In Owen, the Court of Appeals for the Fifth Circuit addressed the issue of whether the Louisiana medical malpractice liability cap applied to the United States. 935 F.2d at 737. The Louisiana statute limited a provider's liability to $100,000 and a plaintiff's total recovery to $500,000. Id. The Louisiana patient's compensation fund pays for damages between $100,000 and $500,000. Id. Under the Louisiana plan, a health care provider qualified only if the provider filed proof of financial responsibility and contributed to the patient's compensation fund. Id. Although the federal government did not file proof of financial responsibility nor contribute to the fund, the court stated that the "federal government's relevant solvency is certain and perpetual." Id. at 737-38. The court also emphasized that the federal government offered to pay an amount up to the $500,000 liability cap, and therefore, no financial drain would occur on the state's patient compensation fund. Id. at 737. The court held that the United States was in "like circumstances" with the health care providers who voluntarily participated in the Louisiana plan, "because the United States has met the objectives of [the Louisiana statute]." Id. at 738.
Here, as in Owen, the federal government has offered to pay Lozada's damages up to the $1,000,000 "cap" under the Nebraska Act. Brief for appellee at 18. Recovery is assured through Congress's permanent appropriation to the judgment fund. 31 U.S.C. § 1304. Therefore, Lozada will be assured the maximum amount of damages permitted under the Nebraska Act without any financial drain on the state's excess liability fund. As in Owen, the federal government here has clearly met the objectives of the Nebraska Act. Conceptually, the federal government's willingness to pay a damages amount up to the $1,000,000 statutory cap is the functional equivalent of a $900,000 contribution to the state's patient compensation fund. Accordingly, we hold that the federal government is in "like circumstances" with "qualified health care providers" and entitled to liability protection under the Nebraska Act. Accord Carter v. United States, 768 F. Supp. 670 (N.D. Ind. 1991) (applying a similar Indiana statute which requires proof of financial responsibility and payment of a surcharge into the patient compensation fund).
Lozada next argues that the federal government is not in "like circumstances" with qualified health care providers because participation under the Nebraska Act is voluntary. Because of this fact, Lozada contends that the federal government is more appropriately in "like circumstances" with those health care providers who have chosen not to participate in the Nebraska Act. We again disagree.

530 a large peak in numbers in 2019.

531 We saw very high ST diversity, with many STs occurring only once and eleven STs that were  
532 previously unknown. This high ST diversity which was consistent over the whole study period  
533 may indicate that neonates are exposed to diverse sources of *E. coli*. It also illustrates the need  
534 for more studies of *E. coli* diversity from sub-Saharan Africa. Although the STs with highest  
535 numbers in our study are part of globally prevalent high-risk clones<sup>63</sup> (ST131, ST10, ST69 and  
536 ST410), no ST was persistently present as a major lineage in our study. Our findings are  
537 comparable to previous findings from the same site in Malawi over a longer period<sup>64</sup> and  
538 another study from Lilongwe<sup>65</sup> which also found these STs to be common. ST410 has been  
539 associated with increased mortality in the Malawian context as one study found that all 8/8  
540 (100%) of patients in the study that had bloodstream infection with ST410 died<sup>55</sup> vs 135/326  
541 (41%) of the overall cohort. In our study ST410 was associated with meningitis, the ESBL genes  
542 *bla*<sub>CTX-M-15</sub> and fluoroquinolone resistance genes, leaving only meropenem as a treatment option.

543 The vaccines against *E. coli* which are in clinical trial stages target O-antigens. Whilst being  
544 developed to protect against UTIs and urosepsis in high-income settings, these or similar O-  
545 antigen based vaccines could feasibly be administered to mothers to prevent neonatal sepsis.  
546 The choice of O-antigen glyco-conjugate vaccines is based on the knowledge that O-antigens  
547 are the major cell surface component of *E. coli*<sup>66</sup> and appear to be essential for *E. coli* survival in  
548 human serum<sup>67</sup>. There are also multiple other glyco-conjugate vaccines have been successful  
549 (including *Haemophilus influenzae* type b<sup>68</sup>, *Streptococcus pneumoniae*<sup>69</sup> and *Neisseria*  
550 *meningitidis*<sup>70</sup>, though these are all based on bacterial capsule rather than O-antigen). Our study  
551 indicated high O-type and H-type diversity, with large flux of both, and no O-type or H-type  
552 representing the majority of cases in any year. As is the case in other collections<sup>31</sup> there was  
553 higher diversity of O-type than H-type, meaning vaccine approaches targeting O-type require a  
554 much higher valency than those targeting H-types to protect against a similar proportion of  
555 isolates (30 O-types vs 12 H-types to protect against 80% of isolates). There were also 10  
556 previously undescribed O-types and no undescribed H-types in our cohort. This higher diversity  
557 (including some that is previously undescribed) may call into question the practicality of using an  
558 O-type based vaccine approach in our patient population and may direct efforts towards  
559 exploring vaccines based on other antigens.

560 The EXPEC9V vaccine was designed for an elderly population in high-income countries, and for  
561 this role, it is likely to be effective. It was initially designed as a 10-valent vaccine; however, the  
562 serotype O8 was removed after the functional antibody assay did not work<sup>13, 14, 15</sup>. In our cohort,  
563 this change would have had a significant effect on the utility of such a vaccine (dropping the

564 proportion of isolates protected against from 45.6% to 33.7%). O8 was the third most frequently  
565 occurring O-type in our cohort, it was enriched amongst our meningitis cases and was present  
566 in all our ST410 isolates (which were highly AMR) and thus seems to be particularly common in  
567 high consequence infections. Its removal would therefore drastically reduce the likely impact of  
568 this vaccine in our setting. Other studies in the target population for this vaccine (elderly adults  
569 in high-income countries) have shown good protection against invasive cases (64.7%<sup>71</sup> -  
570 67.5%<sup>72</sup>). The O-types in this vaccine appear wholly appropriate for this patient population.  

" [A] court's job in applying the ["like circumstances"] standard is to find the most reasonable analogy." LaBarge v. Mariposa County, 798 F.2d 364, 367 (9th Cir. 1986), cert. denied, 481 U.S. 1014, 107 S. Ct. 1889, 95 L. Ed. 2d 497 (1987). Because the federal government is willing to meet the objectives of the Nebraska Act, we hold that the most reasonable analogy in applying the "like circumstances" standard is between the federal government and a health care provider which has chosen to participate in the Nebraska Act. See Owen, 935 F.2d at 738. Therefore, the United States, when sued under the FTCA for this act of medical malpractice occurring in Nebraska, is entitled to the protection of the one million dollar limitation on medical malpractice awards that Nebraska law provides to "qualified health care providers."
Our holding that the government is in "like circumstances" with a qualified health care provider under the Nebraska Act also disposes of Lozada's third argument, i.e. that the extent of the damages awarded is to be determined under the common law. The statutory limitation applies instead.
Accordingly, the remaining two issues raised by Lozada need not be addressed by this court. The district court's decision to limit the federal government's liability is affirmed.
HEANEY, Senior Circuit Judge, dissenting.
This case presents an issue of first impression in the circuit courts: Does a medical malpractice liability cap with the characteristics of the Nebraska Act apply to the federal government under the FTCA? In answering this question today, the court abandons any reasonable interpretation of the term "like circumstances." Furthermore, in attempting to analogize this case to Owen v. United States, 935 F.2d 734 (5th Cir. 1991), the court ignores key differences between the Nebraska and Louisiana statutory schemes. I take no issue with that part of the court's decision that sets forth the relevant legal standards. I cannot concur, however, in the court's erroneous conclusion that the United States is in "like circumstances" with those health care providers covered by the Nebraska Hospital-Medical Liability Act.